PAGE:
Birtwistle and Dowland with Klangforum Wien

Birtwistle and Dowland – ‘Sterben werd’ ich, um zu leben’: Marisol Montalvo (soprano), Klangforum Wien, Peter Rundel (conductor). Werner-Otto-Saal, Konzerthaus, Berlin, 18.4.2011 (MB)

BirtwistleNine settings of Celan, for soprano and chamber ensemble

interspersed with:

Dowland Lachrimae, arranged by Andreas Lindenbaum for violin, two violas, cello, and double bass

Yes, you did read that correctly: ‘Sterben werd’ ich, um zu leben,’ as in the final movement of Mahler’s Second Symphony. The Berlin Konzerthaus is organising something rather more interesting, indeed original, than many halls for the Mahler anniversary, namely a cycle of concerts in three parts of ‘Musik mit Mahler’. If the anniversary must be marked, then to use Mahler’s symphonies as a way of exploring other repertoire seems just the ticket.

Here resurrection took on a decidedly darker hue, with Birtwistle’s settings of Paul Celan, as translated by Michael Hamburger, scored for soprano, two clarinets, viola, cello, and double bass. Klangforum Wien gave the first performance of the complete work in 1996 and clearly has the music in its collective bones. The present performance was inspired and inspiring, not least on account of Peter Rundel’s intelligent direction. Marisol Montalvo made a generally good impression as the soprano soloist, though sometimes her American accent sounded a little out of place – at least to an Englishman. At the heart of Birtwistle’s music is a melancholy that Montalvo’s more showy delivery did not always quite capture, though the final sound of her unaccompanied voice, deserted by instruments, was chilling, likewise the iridescence of her voice in combination with instruments during ‘Mit Brief und Uhr’ . Clarinets are a typical vessel of Birtwistle’s expression, (here Reinhold Brunner and Bernhard Zachhuber) harking back on occasion to the hieratic timelessness of Stravinsky’s Symphonies of Wind Instruments as well as to the violence of Birtwistle’s own Punch and Judy, later arabesques ably echoed by soprano, and vice versa. ‘Tenebrae’ seemed to acquire further meaning when heard at the beginning of Holy Week – even when, perhaps particularly when, performed in one of the most atheistic cities in the world.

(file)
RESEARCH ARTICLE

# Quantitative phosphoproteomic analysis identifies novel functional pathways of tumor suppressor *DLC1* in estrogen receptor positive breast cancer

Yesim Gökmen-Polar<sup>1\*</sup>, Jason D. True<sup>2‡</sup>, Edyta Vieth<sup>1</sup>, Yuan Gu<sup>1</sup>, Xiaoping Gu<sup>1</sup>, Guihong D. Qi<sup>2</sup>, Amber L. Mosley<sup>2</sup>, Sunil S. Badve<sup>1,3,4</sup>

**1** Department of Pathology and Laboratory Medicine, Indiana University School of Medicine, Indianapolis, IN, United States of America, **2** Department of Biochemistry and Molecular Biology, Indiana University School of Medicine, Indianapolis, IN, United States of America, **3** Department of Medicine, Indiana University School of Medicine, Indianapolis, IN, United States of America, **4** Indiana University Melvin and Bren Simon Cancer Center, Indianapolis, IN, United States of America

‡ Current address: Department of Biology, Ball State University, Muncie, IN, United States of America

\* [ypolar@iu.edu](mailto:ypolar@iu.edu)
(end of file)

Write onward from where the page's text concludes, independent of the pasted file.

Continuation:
Every bit as inspired was the decision to perform the Celan settings interspersed with John Dowland’s Lachrymae, here arranged for strings by cellist Andreas Lindenbaum,who was on hand to perform, alongside Gunde Jäck-Micko on violin, violists Andrew Jezek and Dimitrios Polisoidis, and double bassist Uli Fussenegger. Vibrato was avoided, though I thought I heard a little more as time went on. Perhaps it was; perhaps my ears had adjusted. The motivation in recreating the world of the viol consort was clear, though I could not help but wish for a little more variation in tone quality on occasion. That said, the excellent players afforded ample opportunity to luxuriate in the plangent melancholy of Dowland’s harmonies. This was not quite Haydn’s Seven Last Words: for one thing, there is greater variety of tempo. However, the effect was not entirely dissimilar, suggesting another possible companion piece for Birtwistle’s settings. Dowland, however, remains closer in spirit to his great English successor than Haydn will ever be, with Purcell’s Fantasias another ghost at the feast.

Mark Berry